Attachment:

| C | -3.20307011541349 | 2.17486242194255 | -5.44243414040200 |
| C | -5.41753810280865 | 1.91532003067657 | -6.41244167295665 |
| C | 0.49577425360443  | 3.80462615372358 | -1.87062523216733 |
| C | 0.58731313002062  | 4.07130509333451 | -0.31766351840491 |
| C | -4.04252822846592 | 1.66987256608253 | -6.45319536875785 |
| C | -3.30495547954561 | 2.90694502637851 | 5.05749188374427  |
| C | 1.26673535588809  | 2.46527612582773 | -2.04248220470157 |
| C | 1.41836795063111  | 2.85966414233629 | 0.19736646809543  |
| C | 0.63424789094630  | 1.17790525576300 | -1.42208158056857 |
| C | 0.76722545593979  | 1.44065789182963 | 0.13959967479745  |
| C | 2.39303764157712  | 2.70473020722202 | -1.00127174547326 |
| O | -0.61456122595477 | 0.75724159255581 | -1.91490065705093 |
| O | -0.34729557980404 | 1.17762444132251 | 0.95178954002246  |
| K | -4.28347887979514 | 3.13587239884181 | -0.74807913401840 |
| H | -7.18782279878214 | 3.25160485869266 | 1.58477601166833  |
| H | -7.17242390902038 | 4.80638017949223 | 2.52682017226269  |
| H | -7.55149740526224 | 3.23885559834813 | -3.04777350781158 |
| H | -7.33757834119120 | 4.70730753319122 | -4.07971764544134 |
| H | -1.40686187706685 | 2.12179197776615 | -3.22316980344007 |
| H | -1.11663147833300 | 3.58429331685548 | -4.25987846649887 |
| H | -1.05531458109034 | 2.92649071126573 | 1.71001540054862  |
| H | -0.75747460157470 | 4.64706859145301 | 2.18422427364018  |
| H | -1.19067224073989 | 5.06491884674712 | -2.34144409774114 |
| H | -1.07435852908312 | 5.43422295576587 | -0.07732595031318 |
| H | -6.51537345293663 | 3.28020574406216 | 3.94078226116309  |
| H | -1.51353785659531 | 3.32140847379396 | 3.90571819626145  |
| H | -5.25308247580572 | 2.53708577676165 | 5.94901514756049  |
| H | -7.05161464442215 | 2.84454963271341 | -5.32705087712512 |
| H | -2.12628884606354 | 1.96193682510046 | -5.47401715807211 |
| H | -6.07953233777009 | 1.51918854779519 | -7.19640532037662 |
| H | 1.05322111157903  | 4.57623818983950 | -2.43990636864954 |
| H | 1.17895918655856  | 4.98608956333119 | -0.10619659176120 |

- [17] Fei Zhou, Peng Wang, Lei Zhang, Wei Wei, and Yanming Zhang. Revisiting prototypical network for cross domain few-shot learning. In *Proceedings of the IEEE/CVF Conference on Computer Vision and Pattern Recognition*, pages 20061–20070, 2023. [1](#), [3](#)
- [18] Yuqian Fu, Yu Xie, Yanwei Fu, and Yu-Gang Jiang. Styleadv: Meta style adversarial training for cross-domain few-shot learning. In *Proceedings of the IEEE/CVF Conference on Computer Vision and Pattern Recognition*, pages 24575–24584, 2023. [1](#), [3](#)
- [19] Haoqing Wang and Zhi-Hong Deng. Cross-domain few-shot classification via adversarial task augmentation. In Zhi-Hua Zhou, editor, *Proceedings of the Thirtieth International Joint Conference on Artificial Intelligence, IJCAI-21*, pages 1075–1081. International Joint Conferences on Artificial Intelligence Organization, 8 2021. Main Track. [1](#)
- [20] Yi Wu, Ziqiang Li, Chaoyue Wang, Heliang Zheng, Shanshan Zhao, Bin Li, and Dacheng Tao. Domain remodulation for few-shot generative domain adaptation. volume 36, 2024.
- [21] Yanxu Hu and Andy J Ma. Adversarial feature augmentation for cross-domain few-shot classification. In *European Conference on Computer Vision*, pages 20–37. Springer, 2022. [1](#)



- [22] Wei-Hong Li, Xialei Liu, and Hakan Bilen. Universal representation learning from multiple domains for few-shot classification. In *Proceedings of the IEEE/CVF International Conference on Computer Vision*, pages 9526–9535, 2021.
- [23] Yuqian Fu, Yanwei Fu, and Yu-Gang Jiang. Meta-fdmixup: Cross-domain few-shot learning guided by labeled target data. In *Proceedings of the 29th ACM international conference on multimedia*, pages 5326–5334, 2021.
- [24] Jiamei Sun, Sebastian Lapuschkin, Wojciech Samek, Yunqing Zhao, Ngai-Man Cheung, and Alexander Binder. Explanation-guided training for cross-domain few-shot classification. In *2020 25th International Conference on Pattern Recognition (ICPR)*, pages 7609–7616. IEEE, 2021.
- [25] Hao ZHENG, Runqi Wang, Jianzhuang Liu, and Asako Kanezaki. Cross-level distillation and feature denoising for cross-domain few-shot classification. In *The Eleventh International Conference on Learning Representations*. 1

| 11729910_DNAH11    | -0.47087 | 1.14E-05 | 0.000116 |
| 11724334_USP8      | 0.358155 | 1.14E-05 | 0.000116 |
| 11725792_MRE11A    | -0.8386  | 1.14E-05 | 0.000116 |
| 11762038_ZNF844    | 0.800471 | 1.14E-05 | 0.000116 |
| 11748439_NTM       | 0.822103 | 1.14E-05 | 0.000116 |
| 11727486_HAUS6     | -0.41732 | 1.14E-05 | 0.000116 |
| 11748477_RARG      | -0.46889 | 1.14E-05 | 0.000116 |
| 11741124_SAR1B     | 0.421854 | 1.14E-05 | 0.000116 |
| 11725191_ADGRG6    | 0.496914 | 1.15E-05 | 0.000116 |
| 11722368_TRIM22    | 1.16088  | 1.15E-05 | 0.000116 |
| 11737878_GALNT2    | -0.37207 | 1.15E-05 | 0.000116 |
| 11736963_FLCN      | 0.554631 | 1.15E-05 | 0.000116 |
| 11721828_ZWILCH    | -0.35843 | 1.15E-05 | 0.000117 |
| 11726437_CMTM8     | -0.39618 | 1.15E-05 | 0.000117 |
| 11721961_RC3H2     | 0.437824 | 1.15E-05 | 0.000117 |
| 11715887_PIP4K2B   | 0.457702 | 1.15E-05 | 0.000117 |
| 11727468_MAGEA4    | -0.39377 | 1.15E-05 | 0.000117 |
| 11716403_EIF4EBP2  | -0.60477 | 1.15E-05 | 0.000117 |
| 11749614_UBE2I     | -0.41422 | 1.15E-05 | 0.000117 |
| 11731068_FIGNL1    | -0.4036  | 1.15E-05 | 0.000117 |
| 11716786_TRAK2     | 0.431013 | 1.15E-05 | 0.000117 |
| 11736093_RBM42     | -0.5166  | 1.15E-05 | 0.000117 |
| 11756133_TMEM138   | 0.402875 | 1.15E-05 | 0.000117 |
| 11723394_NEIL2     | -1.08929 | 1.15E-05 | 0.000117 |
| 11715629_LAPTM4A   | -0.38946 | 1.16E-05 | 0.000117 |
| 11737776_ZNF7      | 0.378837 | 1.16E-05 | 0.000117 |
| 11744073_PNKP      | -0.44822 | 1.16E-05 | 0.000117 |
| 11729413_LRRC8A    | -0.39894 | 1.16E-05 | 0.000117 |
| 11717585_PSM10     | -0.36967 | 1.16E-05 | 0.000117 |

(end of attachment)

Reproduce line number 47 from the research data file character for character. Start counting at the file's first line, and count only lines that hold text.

| 11727486_HAUS6     | -0.41732 | 1.14E-05 | 0.000116 |